Elaine St. George

May 8, 2011 | By

“InspiRAYtion: The Musical Legacy of Ray Charles”

Metropolitan Room  –  April 27, May 3, 4, 9

Elaine St. George may not have done many shows in the fourteen years since I first saw her sing, but to paraphrase a remark Spencer Tracy made about Katharine Hepburn in Pat and Mike, what she’s done has been “cherce”. Two qualities have distinguished everything she’s presented: intelligence and wit. Add to that her voice, which over the past few years has developed into an even more beautiful instrument: a mezzo with the crystalline clarity one often associates with sopranos. Finally there are her interpretations: I’ve never known her simply to choose a good song and merely sing it well; rather, she approaches each song purposefully, with a distinctive point of view. Her current offering, which celebrates the Ray Charles songbook, is no exception.

Early in the proceedings, St. George makes it clear that she and her collaborators (musical director and pianist Ross Patterson, bassist Adam Armstrong) do not intend to replicate Charles’s arrangements or style. Instead, they use his original treatments as jumping-off places—and as she says, sometimes they jump farther than others. Collaborators is very much the right word to use here, for throughout the evening, the arrangements and instrumental accompaniment make an invaluable contribution, and all elements seem at one with each other.

The Ray Charles songbook reflects his catholic taste in music. So, too, this show. For example, one would not think of Rodgers and Hammerstein’s “Oh, What a Beautiful Mornin'” as Charles material, but he recorded it and sang it many times in concert; here it is given a sunny, playful interpretation, with a striking jazz arrangement that makes us listen afresh. It’s followed by a medley of selections more recognizably in the Ray Charles groove, “Hallelujah I Love Her So,” “This Little Girl of Mine,” and “This Little Light of Mine,” the first two formally credited to Charles, himself, and the third by Harry Dixon Loes; not only does this work as a musical number, it also provides St. George the opportunity to make a wry comment about Charles’s writing.

That’s just one of many pointed and funny observations she makes over the course of the show—commentary that displays the wit and intelligence I alluded to in my opening paragraph. Contrasting his personal conduct with the sentiments he chose to express in song, she sings “Come Live with Me” (Felice & Boudleaux Bryant), a celebration of traditional romantic relationships; as befits the sentiment, she gives it a lovely, heartfelt interpretation.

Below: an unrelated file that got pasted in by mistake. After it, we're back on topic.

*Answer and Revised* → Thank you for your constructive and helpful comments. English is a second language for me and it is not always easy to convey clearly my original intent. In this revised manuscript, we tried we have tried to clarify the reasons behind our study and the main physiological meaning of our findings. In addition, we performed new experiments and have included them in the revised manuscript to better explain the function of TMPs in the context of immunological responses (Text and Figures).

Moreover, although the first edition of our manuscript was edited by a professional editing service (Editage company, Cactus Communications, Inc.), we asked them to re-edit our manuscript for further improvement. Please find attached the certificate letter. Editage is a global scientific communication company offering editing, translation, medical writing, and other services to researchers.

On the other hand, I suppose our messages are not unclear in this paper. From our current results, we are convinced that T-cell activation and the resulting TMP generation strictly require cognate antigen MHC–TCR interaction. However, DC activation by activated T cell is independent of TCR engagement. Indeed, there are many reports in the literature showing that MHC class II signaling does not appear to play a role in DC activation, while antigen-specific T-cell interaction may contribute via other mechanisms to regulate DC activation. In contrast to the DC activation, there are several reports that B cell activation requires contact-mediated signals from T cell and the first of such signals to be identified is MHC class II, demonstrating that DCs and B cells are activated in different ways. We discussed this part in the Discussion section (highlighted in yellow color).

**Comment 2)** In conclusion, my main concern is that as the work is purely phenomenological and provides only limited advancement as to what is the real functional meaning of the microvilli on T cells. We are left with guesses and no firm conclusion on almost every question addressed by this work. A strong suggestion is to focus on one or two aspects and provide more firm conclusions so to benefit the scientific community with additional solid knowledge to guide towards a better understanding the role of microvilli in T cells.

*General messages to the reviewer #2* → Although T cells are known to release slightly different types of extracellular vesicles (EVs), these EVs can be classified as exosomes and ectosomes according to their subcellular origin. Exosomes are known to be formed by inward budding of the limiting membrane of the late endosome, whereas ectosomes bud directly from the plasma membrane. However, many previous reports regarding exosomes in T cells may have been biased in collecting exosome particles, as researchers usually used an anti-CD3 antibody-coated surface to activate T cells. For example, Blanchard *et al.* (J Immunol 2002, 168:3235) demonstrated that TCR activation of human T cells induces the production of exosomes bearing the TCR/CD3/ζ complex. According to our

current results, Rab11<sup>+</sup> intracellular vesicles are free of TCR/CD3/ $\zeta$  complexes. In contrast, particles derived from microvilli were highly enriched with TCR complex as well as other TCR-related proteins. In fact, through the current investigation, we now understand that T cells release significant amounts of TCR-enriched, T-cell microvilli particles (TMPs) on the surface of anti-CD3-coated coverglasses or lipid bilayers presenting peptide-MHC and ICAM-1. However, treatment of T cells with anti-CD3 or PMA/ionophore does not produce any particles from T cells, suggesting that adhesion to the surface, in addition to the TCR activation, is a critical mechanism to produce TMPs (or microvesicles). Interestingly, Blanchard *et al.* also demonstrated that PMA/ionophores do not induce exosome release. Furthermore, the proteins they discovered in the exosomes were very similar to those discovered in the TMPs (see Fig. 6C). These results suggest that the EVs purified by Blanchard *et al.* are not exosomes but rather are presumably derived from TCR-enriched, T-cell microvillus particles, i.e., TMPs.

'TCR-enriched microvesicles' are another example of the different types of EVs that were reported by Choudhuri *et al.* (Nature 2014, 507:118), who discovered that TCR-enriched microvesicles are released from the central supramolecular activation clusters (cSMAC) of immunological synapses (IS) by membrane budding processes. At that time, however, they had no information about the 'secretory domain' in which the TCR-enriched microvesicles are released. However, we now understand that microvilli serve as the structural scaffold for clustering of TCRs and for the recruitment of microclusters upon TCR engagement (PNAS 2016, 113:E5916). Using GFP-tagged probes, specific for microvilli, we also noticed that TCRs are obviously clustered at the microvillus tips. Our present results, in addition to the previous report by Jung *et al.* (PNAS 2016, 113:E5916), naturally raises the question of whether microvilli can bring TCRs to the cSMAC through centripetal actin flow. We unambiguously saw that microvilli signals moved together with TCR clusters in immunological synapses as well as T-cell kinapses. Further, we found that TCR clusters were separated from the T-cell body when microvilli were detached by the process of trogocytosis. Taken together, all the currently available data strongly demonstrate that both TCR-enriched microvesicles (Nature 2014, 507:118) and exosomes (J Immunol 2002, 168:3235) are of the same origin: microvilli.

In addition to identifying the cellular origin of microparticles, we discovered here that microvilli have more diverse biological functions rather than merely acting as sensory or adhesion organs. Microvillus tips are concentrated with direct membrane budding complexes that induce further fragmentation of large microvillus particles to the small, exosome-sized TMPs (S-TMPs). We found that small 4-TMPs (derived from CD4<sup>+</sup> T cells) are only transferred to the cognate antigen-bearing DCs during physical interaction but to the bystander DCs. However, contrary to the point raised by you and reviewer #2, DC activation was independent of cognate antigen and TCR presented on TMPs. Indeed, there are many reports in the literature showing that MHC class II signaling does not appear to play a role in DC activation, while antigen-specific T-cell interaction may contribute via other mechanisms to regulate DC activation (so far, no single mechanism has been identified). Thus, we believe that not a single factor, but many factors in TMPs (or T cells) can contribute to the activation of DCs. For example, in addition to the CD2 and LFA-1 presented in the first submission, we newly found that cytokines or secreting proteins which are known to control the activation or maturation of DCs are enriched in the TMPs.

St. George performs Buck Owens’s “Crying Time” without the emotional schmaltz that often characterizes country music (and which Ray Charles brought to his rendition); hers is a more gentle expression of pain and sadness, and as a result, it is that much more affecting. On the other hand, a pairing of Curley Williams’s “Half as Much” and Don Gibson’s “I Can’t Stop Loving You” cooks with the juices of country, rock ‘n’ roll, and R&B—and it’s terrific.

Three numbers have an especially potent emotional impact. St. George’s rendition of Paul Simon’s “Still Crazy After All These Years” is exquisitely focused and introspective, so we feel as though we were eavesdropping on something very private and personal. She fills the Gershwins’ “How Long Has This Been Going On?” with reflective, tender wonder, and she pairs a passionate “The Long and Winding Road” (Lennon & McCartney) with Hoagy Carmichael and Stuart Gorrell’s “Georgia on My Mind,” which she infuses with understated but palpable longing. Superb work on all of them.

In this evening of contours and contrasts, we also get a performance of Melanie Safka’s “What Have They Done to My Song Ma” that is even more freewheeling than Ray Charles’s version, if that’s possible, with St. George and the band throwing themselves into the number with infectious abandon. It’s outrageous and it’s great fun.

 

Category: Reviews

About the Author ()

Roy Sander has been covering cabaret and theatre for over thirty years. He’s written cabaret and theatre reviews, features, and commentary for seven print publications, most notably Back Stage, and for CitySearch on the Internet. He covered cabaret monthly on “New York Theatre Review” on PBS TV, and cabaret and theatre weekly on WLIM-FM radio. He was twice a guest instructor at the London School of Musical Theatre. A critic for BistroAwards.com, he is also the site’s Reviews Editor; in addition, he is Chairman of the Advisory Board of MAC.

Comments are closed.